Difference between revisions of "Strange and Forgotten Console emulators"

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(Fourth generation: added unreleased console)
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|Buzztime Home Trivia System
|Released around 2004, the system is the result of a partnership between Cadaco Toys and NTN Buzztime, and as the name implies, the console was designed around playing trivia with family and friends, it's unknown how many games were made for it, how many units sold or when it was discontinued.

Revision as of 09:05, 24 April 2019

Beneath the clean and successful exterior of gaming giants like the Super Nintendo and PlayStation lies the Gap of Vidya: a realm populated by unwanted and forgotten consoles of old, immortal in their plasticity. Here we may receive knowledge of their eternal fate. Not everything on this page can or will be emulated.

If it's a video game console from the third generation and beyond, it's on this page for your viewing pleasure.

See also Console Boom emulators for the 70s and 80s consoles.


Third generation

Name MAME support ROMs Description
Action Max None VHS tape console released in 1987 by Worlds of Wonder. It relied on a light gun and score counter for all of its 5 games, which could not really be lost. There's an add-on for the multi-arcade LaserDisc emulator DAPHNE called SINGE. We're in murky waters here, so run this at your own risk.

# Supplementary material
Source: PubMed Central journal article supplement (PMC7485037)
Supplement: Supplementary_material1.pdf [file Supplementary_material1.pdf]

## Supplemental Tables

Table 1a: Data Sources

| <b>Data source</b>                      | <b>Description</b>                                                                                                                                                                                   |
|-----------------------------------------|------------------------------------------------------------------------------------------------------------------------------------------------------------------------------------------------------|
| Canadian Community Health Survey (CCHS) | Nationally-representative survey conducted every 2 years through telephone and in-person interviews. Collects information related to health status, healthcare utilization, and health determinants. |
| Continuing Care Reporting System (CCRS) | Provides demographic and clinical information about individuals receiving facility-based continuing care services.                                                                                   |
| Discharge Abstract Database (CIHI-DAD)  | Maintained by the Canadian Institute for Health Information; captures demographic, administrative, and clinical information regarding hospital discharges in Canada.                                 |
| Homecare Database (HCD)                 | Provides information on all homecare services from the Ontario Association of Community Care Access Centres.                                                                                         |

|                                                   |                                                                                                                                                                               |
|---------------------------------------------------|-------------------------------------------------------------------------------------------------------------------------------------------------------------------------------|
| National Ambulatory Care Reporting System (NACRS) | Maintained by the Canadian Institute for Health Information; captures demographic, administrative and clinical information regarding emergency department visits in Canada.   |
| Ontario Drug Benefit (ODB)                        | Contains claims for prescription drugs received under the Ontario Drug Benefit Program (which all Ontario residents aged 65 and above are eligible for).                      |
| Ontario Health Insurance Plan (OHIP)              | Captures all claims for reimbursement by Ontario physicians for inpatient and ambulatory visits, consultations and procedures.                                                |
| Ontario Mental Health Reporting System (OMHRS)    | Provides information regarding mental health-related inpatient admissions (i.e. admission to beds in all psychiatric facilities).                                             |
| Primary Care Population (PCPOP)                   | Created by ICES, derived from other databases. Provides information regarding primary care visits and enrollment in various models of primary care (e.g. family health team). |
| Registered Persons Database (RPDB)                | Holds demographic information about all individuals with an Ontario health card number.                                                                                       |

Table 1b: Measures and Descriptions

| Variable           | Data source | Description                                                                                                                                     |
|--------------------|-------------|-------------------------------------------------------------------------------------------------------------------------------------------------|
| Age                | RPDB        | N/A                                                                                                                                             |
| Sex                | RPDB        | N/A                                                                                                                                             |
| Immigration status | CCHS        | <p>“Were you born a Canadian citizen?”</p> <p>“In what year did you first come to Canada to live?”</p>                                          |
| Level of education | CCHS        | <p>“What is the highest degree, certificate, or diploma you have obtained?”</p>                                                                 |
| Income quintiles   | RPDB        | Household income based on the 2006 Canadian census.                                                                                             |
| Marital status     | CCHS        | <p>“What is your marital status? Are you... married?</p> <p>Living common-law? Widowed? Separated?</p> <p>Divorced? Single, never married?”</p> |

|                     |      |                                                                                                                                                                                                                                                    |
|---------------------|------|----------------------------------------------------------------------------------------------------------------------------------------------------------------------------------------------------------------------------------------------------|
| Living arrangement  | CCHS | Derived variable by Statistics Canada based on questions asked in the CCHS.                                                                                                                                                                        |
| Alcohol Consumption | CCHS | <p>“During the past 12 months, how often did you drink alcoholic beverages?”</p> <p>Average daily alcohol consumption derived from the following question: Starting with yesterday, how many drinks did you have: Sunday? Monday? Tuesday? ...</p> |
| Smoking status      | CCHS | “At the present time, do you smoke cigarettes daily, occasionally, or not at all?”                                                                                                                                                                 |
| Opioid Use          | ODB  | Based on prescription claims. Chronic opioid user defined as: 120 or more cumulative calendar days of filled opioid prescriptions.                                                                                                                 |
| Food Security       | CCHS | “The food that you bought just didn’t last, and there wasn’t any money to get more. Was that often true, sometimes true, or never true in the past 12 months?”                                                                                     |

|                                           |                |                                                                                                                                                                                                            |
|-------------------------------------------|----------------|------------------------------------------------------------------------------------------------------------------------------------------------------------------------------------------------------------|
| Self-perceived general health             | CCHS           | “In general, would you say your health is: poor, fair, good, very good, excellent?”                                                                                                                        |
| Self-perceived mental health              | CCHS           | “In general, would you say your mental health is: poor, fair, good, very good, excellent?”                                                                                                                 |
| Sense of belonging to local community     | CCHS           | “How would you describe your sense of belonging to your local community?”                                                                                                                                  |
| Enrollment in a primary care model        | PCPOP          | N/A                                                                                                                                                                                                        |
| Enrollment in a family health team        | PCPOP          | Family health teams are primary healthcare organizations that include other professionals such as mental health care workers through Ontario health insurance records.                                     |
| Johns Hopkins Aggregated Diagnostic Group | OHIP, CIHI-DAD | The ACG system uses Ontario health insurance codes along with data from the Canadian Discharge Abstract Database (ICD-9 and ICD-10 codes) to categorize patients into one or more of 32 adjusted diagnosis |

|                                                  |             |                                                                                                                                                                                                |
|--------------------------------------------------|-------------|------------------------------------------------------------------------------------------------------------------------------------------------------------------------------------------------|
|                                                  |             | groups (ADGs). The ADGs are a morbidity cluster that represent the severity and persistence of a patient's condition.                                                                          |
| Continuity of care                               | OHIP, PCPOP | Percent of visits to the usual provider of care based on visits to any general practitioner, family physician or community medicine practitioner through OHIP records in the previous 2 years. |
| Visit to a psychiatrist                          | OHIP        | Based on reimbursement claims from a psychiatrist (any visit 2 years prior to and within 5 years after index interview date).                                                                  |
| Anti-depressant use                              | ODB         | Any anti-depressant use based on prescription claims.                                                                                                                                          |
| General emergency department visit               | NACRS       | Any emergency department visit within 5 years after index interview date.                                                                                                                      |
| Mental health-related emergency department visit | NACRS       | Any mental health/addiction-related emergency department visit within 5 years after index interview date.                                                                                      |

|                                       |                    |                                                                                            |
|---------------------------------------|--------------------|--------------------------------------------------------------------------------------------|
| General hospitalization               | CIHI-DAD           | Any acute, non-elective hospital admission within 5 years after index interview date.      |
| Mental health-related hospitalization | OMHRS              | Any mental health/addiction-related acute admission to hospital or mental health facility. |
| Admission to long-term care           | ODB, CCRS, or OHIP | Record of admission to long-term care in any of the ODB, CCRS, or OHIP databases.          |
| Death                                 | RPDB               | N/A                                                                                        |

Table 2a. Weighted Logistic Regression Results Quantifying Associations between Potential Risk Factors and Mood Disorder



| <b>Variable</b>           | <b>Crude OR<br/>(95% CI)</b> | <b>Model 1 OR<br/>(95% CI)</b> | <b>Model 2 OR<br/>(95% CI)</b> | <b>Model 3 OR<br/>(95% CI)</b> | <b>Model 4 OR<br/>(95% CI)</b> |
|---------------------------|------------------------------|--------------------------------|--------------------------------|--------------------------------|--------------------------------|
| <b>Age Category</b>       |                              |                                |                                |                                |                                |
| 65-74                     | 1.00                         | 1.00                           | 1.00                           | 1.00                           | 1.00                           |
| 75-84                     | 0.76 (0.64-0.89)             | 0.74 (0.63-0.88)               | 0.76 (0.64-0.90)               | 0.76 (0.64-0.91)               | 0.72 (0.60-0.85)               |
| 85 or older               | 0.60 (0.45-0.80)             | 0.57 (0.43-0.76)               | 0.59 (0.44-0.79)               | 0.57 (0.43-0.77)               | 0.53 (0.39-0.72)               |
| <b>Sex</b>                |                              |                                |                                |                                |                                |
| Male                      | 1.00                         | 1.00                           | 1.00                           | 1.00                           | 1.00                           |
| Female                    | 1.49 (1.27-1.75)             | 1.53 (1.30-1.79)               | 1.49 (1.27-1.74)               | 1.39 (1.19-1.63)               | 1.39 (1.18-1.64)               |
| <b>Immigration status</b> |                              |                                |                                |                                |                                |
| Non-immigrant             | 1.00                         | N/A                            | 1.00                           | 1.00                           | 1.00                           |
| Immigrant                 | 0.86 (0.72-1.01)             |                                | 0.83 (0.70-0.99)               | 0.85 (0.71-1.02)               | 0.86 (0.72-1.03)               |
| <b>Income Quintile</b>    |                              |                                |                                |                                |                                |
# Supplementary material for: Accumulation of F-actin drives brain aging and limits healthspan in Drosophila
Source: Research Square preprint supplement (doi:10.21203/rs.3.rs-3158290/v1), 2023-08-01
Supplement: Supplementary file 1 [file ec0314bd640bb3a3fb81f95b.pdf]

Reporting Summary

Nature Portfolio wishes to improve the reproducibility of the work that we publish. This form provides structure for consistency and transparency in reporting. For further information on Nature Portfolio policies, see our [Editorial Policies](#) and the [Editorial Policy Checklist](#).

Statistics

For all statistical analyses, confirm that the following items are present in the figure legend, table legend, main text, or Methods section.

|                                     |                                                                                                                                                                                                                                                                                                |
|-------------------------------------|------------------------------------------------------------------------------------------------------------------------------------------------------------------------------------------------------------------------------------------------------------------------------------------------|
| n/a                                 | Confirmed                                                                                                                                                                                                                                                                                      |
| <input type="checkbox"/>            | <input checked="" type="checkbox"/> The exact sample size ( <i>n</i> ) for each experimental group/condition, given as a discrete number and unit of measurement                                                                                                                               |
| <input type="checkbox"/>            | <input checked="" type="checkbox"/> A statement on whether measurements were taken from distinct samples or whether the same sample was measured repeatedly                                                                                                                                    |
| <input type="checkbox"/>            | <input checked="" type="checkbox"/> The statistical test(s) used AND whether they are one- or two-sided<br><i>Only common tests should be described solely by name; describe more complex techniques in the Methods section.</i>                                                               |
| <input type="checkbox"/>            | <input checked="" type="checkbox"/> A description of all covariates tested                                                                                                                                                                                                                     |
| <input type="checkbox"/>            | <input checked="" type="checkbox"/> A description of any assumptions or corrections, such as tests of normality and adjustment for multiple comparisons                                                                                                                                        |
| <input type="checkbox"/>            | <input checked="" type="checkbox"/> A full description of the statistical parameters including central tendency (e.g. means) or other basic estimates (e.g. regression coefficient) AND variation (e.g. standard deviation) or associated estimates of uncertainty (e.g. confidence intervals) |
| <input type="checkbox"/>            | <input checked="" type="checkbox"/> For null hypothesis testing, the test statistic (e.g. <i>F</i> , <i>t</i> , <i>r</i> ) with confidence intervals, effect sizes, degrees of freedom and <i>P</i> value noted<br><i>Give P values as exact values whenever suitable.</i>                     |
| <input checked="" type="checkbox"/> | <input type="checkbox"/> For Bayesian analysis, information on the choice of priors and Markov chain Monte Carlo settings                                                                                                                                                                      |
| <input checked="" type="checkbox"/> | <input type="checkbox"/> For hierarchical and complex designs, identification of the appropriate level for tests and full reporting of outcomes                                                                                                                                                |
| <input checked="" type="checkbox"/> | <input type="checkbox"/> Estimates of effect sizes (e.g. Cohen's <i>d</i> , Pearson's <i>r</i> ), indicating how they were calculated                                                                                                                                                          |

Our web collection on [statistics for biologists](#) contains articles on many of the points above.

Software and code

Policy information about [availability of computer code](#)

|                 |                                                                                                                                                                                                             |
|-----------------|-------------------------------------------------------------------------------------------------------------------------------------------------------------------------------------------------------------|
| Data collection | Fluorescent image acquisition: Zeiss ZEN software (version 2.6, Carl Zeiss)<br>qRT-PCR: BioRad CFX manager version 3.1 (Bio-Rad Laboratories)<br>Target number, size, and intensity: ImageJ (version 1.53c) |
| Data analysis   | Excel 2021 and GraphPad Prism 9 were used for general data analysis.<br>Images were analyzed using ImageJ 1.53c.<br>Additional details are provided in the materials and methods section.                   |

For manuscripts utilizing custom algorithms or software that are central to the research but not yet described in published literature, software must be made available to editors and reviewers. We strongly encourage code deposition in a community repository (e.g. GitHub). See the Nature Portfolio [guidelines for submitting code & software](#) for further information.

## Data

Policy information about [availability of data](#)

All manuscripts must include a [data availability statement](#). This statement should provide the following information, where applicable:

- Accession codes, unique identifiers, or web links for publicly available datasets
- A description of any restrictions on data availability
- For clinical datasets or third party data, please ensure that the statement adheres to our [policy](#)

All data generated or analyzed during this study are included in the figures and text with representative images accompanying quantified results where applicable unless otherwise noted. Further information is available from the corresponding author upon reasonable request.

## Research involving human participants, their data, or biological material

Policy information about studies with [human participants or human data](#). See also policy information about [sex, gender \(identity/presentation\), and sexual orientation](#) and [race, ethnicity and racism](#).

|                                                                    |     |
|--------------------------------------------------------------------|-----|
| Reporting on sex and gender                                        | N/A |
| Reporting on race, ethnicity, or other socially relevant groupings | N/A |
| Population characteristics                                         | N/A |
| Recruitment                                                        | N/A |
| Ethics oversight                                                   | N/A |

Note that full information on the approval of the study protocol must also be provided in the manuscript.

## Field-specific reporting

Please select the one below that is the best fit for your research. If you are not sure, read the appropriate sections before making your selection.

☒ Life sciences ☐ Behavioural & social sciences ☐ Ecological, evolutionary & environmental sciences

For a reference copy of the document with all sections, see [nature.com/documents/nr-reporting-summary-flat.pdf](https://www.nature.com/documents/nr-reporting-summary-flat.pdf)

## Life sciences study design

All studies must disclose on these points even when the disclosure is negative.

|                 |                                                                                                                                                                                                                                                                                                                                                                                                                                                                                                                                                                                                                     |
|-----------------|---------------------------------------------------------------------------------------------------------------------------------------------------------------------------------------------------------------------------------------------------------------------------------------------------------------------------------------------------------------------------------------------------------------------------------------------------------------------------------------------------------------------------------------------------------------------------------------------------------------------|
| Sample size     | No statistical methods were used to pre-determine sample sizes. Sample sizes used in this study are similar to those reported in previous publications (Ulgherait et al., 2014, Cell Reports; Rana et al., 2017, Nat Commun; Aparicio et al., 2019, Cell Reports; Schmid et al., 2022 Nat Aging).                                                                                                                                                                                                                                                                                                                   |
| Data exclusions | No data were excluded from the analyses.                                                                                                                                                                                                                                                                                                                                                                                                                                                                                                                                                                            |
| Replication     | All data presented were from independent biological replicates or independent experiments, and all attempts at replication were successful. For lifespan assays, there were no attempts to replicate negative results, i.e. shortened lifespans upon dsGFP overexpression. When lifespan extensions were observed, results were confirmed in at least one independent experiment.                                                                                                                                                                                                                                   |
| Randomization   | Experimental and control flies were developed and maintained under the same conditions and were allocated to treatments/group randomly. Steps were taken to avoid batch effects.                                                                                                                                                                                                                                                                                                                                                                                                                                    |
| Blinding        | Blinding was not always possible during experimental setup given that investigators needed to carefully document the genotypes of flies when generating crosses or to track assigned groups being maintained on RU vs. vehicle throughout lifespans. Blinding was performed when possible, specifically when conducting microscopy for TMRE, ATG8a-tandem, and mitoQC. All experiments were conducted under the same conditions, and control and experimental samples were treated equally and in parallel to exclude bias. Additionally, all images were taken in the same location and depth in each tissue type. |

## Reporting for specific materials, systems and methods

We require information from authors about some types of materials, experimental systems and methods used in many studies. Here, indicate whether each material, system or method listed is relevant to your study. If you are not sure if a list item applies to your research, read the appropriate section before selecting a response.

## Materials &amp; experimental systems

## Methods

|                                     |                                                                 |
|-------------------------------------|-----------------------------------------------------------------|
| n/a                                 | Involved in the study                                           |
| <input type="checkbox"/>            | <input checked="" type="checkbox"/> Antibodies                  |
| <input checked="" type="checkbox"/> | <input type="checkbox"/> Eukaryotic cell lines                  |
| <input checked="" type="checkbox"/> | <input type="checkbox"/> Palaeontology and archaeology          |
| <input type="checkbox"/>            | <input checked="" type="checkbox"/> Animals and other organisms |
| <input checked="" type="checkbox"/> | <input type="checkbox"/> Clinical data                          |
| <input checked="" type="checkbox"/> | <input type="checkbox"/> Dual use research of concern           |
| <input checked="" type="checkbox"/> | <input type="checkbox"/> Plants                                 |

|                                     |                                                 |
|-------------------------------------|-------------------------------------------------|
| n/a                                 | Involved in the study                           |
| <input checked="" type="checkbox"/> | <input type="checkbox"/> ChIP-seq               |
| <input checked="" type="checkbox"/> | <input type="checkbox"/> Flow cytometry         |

Cinemassacre Demonstration

Amstrad GX4000 Good TOSEC/ A consolized version of the Amstrad CPC.
Atari XEGS Preliminary A repackaging of the Atari 8-bit computer line marketed as a game console. Notable for having possibly the worst physical design ever. It has preliminary support in MAME, as does the 65XE computer it's based on. Overview CGR Review
BBC Bridge Companion Good
Casio PV-1000 Good No-intro A 1983 console pulled from shelves very quickly. Like many others, its titanic failure makes it a rarity nowadays.
Commodore 64 Games System Good A hacked up console version of the regular Commodore 64, released only in Europe. Failed hilariously due to its outdated tech (1984 hardware in 1990!), the fact that the normal Commodore 64 was already sufficient, and a bad case of the 'no games'.
Dendy Decent The NES, but for slavs. (TCRF COMEDY!) Only Kinaman can properly explain this one (turn on CC). Has decent support in MAME, and its status as an NES clone means its "exclusives" can be played on NES emulators that support broken pirate carts.